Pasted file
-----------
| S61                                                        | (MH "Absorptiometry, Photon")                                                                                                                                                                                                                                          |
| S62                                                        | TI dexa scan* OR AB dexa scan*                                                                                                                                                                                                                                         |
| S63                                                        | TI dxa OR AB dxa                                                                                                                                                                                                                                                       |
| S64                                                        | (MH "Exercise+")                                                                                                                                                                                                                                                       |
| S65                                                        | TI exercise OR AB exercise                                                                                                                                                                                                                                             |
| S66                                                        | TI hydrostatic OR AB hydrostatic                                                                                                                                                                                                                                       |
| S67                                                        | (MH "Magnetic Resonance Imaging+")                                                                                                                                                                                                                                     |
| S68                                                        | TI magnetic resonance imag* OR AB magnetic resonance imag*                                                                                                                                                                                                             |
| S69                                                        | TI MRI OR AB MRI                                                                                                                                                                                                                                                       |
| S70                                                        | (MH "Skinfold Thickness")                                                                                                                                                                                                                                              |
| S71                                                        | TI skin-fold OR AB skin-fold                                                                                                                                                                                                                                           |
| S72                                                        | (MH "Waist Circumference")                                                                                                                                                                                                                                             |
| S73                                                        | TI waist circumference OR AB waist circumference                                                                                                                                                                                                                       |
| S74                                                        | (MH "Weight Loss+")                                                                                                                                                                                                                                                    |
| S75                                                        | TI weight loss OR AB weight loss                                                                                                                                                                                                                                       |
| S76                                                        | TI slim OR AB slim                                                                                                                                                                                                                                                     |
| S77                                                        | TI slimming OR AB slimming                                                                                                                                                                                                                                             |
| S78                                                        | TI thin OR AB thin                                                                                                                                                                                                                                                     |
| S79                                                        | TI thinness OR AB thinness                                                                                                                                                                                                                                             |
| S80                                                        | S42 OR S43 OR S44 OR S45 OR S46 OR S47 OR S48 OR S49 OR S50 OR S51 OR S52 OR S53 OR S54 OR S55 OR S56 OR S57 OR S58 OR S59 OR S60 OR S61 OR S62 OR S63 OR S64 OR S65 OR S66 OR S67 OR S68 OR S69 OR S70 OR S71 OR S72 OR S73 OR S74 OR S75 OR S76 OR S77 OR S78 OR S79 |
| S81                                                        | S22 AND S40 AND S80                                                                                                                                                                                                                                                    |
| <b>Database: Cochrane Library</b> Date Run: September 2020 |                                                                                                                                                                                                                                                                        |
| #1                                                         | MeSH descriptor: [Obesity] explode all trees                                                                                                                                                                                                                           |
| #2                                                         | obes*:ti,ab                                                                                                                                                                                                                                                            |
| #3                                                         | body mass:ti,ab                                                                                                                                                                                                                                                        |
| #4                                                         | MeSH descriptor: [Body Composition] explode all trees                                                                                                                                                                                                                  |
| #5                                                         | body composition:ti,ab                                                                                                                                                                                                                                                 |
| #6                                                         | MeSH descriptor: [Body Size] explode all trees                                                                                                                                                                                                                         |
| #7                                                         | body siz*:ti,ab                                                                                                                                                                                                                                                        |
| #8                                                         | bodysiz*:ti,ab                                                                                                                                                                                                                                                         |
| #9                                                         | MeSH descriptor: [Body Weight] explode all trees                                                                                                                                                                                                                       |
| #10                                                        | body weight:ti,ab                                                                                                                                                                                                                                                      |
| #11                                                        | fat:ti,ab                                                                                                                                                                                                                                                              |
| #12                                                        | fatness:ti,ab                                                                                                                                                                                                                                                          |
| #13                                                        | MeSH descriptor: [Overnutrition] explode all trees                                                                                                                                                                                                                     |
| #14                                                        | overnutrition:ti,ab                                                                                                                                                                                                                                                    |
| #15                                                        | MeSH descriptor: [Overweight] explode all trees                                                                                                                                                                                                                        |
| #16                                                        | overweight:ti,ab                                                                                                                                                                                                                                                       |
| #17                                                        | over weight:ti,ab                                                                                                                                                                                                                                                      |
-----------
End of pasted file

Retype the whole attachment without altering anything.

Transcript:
| S61                                                        | (MH "Absorptiometry, Photon")                                                                                                                                                                                                                                          |
| S62                                                        | TI dexa scan* OR AB dexa scan*                                                                                                                                                                                                                                         |
| S63                                                        | TI dxa OR AB dxa                                                                                                                                                                                                                                                       |
| S64                                                        | (MH "Exercise+")                                                                                                                                                                                                                                                       |
| S65                                                        | TI exercise OR AB exercise                                                                                                                                                                                                                                             |
| S66                                                        | TI hydrostatic OR AB hydrostatic                                                                                                                                                                                                                                       |
| S67                                                        | (MH "Magnetic Resonance Imaging+")                                                                                                                                                                                                                                     |
| S68                                                        | TI magnetic resonance imag* OR AB magnetic resonance imag*                                                                                                                                                                                                             |
| S69                                                        | TI MRI OR AB MRI                                                                                                                                                                                                                                                       |
| S70                                                        | (MH "Skinfold Thickness")                                                                                                                                                                                                                                              |
| S71                                                        | TI skin-fold OR AB skin-fold                                                                                                                                                                                                                                           |
| S72                                                        | (MH "Waist Circumference")                                                                                                                                                                                                                                             |
| S73                                                        | TI waist circumference OR AB waist circumference                                                                                                                                                                                                                       |
| S74                                                        | (MH "Weight Loss+")                                                                                                                                                                                                                                                    |
| S75                                                        | TI weight loss OR AB weight loss                                                                                                                                                                                                                                       |
| S76                                                        | TI slim OR AB slim                                                                                                                                                                                                                                                     |
| S77                                                        | TI slimming OR AB slimming                                                                                                                                                                                                                                             |
| S78                                                        | TI thin OR AB thin                                                                                                                                                                                                                                                     |
| S79                                                        | TI thinness OR AB thinness                                                                                                                                                                                                                                             |
| S80                                                        | S42 OR S43 OR S44 OR S45 OR S46 OR S47 OR S48 OR S49 OR S50 OR S51 OR S52 OR S53 OR S54 OR S55 OR S56 OR S57 OR S58 OR S59 OR S60 OR S61 OR S62 OR S63 OR S64 OR S65 OR S66 OR S67 OR S68 OR S69 OR S70 OR S71 OR S72 OR S73 OR S74 OR S75 OR S76 OR S77 OR S78 OR S79 |
| S81                                                        | S22 AND S40 AND S80                                                                                                                                                                                                                                                    |
| <b>Database: Cochrane Library</b> Date Run: September 2020 |                                                                                                                                                                                                                                                                        |
| #1                                                         | MeSH descriptor: [Obesity] explode all trees                                                                                                                                                                                                                           |
| #2                                                         | obes*:ti,ab                                                                                                                                                                                                                                                            |
| #3                                                         | body mass:ti,ab                                                                                                                                                                                                                                                        |
| #4                                                         | MeSH descriptor: [Body Composition] explode all trees                                                                                                                                                                                                                  |
| #5                                                         | body composition:ti,ab                                                                                                                                                                                                                                                 |
| #6                                                         | MeSH descriptor: [Body Size] explode all trees                                                                                                                                                                                                                         |
| #7                                                         | body siz*:ti,ab                                                                                                                                                                                                                                                        |
| #8                                                         | bodysiz*:ti,ab                                                                                                                                                                                                                                                         |
| #9                                                         | MeSH descriptor: [Body Weight] explode all trees                                                                                                                                                                                                                       |
| #10                                                        | body weight:ti,ab                                                                                                                                                                                                                                                      |
| #11                                                        | fat:ti,ab                                                                                                                                                                                                                                                              |
| #12                                                        | fatness:ti,ab                                                                                                                                                                                                                                                          |
| #13                                                        | MeSH descriptor: [Overnutrition] explode all trees                                                                                                                                                                                                                     |
| #14                                                        | overnutrition:ti,ab                                                                                                                                                                                                                                                    |
| #15                                                        | MeSH descriptor: [Overweight] explode all trees                                                                                                                                                                                                                        |
| #16                                                        | overweight:ti,ab                                                                                                                                                                                                                                                       |
| #17                                                        | over weight:ti,ab                                                                                                                                                                                                                                                      |